PT on the Net Research

Big Legs and Thighs


Is there a better way to train clients who have bigger legs and thighs (especially women)? I have heard that high impact training not be right for them.


What a great question. The answer requires some background in functional anatomy and serial distortion patterns. Let us discuss. Serial distortion patterns develop over a period of time. They are very insidious in nature. One of the most common patterns has to do with women who wear high heels and sit for a large part of the day. High heels do not just mean eight inch stilettos. Most tennis shoes people wear are considered high heels. If the heel of the shoe is built up at all, it is considered a high heel. This would constantly keep the calf in a shortened position. This shortened position tends to make the foot roll out laterally. The foot rolled out would in turn roll out the tibia. The tibia rolled laterally would place stress at the knee and eventually lead to a lateral rotation at the femur. This would shorten the biceps femoris and the piriformis. Because she sits for a large part of the day, we can assume that her hip flexors, especially the iliopsoas, will also be shortened. When the hip flexors are shortened, the hip extensors are lengthened. The hip extensors are the glutes. Thus, the glutes are not strong and tend to look flabby. It also tends to be the area in which women generally hold any extra adipose tissue they may have. The femurs are rolled out, and the greater trochanter sticks out to give the appearance of an even larger hip complex. I would also wonder if she has lower back problems. Most people with this type of serial distortion will incur low back pain.

Another common sign that this serial distortion pattern is occurring is to check her IT band. The IT band is located on the outside of the femur from the knee up to the hip. If she were to roll her IT on a foam roller and mention some extreme discomfort, we are on the same page.

Now that we may have determined what is going on, what do you do? There are some general guidelines to follow. We need to loosen what is tight and tighten what is loose. This is easier said then done. I agree with your earlier comment that she should stay away from high impact events, at least at first. We need to prepare her for impact events before she starts that type of routine. Currently, with the imbalances that are occurring in her body, a high impact program would increase her chances of injury significantly. I would say that the most important part of her program would be flexibility. You must establish proper length/tension relationships before we place outside stress on the structures. We must stretch the calves and hip flexors. Please refer to the stretching exercises in the PTN Exercise Library. After we have stretched her out, the program should incorporate many exercises involving the glutes. Both the gluteus maximus and medius need to be addressed. We can accomplish this most efficiently by having her stand up while performing her exercises. One must have an adjustable cable column or a set of resistance tubing to do this most effectively. I recommend the FreeMotion Fitness adjustable cable column or the LifeFitness dual adjustable pulley. Another helpful hint is to have her try to do her exercises either in a squat type position or even done standing on one leg and alternating legs between the sets. Standing on one leg and making sure the opposite side hip does not drop will concentrate on the standing side gluteus medius. This technique will actually burn more calories than traditional weight training and will focus on her specific needs of working the lumbo-pelvic-hip complex more efficiently.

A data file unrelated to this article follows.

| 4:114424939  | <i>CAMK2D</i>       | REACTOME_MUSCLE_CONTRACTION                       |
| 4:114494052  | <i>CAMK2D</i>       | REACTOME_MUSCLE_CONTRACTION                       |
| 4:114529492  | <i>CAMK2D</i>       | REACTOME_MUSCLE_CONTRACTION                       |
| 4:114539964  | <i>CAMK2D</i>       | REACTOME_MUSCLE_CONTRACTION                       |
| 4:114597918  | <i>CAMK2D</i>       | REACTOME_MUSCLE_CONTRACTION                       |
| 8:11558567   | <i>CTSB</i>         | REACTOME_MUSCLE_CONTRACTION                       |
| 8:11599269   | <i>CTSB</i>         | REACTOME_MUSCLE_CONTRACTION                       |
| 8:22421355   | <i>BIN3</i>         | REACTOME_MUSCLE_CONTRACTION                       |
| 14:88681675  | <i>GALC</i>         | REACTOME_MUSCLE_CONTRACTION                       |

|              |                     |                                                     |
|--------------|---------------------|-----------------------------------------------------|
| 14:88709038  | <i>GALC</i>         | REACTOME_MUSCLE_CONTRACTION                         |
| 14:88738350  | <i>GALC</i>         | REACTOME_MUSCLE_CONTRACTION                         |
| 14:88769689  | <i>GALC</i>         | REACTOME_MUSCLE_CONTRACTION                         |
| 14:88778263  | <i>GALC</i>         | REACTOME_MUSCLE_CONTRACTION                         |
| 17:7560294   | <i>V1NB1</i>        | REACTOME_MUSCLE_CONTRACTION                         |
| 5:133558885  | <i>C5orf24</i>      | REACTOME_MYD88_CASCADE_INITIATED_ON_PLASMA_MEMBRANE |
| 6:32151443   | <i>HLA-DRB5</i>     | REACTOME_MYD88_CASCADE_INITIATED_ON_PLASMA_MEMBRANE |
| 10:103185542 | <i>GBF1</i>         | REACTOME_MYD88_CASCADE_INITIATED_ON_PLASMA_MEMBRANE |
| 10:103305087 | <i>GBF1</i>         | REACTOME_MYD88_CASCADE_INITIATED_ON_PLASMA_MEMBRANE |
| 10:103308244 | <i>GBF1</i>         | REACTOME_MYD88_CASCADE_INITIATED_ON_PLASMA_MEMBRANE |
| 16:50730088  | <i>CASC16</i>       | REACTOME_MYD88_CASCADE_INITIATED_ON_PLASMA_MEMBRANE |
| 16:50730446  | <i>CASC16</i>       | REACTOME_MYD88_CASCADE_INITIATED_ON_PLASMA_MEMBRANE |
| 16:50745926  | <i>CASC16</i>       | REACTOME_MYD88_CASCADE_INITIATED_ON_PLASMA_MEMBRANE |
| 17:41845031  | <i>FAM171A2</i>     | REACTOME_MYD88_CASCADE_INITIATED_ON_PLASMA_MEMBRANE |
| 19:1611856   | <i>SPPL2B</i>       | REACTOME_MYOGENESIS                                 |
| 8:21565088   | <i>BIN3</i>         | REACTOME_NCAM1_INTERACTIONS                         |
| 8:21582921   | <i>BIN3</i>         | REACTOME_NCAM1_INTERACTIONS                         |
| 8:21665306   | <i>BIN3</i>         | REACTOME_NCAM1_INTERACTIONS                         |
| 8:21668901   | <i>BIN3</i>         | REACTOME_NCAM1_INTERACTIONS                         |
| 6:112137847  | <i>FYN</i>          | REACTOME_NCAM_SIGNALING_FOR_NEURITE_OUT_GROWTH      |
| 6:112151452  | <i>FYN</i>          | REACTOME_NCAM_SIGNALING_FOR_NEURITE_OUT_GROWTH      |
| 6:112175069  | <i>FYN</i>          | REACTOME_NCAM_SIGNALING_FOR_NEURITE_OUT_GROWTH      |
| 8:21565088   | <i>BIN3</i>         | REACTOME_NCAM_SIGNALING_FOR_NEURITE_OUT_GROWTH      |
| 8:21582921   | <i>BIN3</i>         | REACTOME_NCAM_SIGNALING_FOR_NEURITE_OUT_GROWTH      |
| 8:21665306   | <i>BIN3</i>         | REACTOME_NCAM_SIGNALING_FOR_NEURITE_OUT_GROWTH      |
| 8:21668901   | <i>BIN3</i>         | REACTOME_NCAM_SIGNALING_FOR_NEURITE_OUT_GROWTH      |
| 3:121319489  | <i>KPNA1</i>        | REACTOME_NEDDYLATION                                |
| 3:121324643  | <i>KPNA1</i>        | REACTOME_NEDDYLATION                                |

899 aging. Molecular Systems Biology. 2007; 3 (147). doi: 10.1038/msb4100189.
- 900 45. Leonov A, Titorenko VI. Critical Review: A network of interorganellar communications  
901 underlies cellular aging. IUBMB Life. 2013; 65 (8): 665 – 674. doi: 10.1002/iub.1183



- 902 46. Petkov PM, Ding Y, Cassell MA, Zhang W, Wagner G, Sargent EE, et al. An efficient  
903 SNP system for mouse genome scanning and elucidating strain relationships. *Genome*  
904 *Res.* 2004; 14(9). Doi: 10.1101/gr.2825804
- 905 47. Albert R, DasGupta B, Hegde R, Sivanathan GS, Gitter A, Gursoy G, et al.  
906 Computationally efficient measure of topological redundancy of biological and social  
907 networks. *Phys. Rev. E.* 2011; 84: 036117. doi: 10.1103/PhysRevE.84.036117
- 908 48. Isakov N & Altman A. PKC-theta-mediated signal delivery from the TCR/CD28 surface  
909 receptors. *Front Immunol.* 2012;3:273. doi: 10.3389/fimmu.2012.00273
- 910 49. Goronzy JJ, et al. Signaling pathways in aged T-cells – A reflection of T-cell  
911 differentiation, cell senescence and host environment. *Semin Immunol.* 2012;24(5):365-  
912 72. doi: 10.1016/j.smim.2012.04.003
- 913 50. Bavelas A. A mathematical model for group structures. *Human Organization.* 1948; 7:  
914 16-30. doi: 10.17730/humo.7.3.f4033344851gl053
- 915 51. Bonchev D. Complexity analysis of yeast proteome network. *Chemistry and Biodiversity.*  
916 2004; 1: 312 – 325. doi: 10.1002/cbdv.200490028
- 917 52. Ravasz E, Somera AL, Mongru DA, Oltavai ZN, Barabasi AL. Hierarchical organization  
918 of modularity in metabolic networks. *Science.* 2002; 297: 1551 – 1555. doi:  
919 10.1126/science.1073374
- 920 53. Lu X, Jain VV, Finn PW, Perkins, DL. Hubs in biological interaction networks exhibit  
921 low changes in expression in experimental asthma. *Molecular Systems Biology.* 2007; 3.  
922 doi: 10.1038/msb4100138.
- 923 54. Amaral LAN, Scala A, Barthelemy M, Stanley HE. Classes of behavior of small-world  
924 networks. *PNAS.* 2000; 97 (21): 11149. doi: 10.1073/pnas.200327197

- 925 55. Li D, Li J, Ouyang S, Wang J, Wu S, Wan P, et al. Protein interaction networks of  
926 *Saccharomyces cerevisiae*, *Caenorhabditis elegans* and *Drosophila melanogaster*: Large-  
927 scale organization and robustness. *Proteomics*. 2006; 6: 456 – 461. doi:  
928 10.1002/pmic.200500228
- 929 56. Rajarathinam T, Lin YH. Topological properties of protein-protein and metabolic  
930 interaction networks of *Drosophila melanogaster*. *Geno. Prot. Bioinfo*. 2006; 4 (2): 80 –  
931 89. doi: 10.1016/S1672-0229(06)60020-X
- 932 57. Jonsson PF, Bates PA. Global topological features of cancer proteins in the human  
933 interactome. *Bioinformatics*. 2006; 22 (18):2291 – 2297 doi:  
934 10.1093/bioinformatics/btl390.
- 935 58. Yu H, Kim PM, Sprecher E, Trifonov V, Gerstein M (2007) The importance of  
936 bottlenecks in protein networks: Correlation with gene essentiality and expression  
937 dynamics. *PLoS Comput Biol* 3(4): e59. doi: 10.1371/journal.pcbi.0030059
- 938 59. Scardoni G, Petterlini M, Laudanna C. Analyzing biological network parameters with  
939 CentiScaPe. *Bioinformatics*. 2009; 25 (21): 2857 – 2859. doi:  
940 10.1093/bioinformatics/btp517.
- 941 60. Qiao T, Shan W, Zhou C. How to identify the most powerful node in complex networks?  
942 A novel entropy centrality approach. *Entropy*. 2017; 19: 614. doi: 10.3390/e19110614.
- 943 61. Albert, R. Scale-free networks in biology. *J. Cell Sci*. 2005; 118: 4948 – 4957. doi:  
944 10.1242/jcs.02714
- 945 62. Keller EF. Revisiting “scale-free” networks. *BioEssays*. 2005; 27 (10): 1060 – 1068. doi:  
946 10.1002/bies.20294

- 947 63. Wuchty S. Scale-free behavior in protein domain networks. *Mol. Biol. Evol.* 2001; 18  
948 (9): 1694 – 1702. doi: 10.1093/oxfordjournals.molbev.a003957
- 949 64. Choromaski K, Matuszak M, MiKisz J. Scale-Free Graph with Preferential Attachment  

Thank you for your thought provoking question!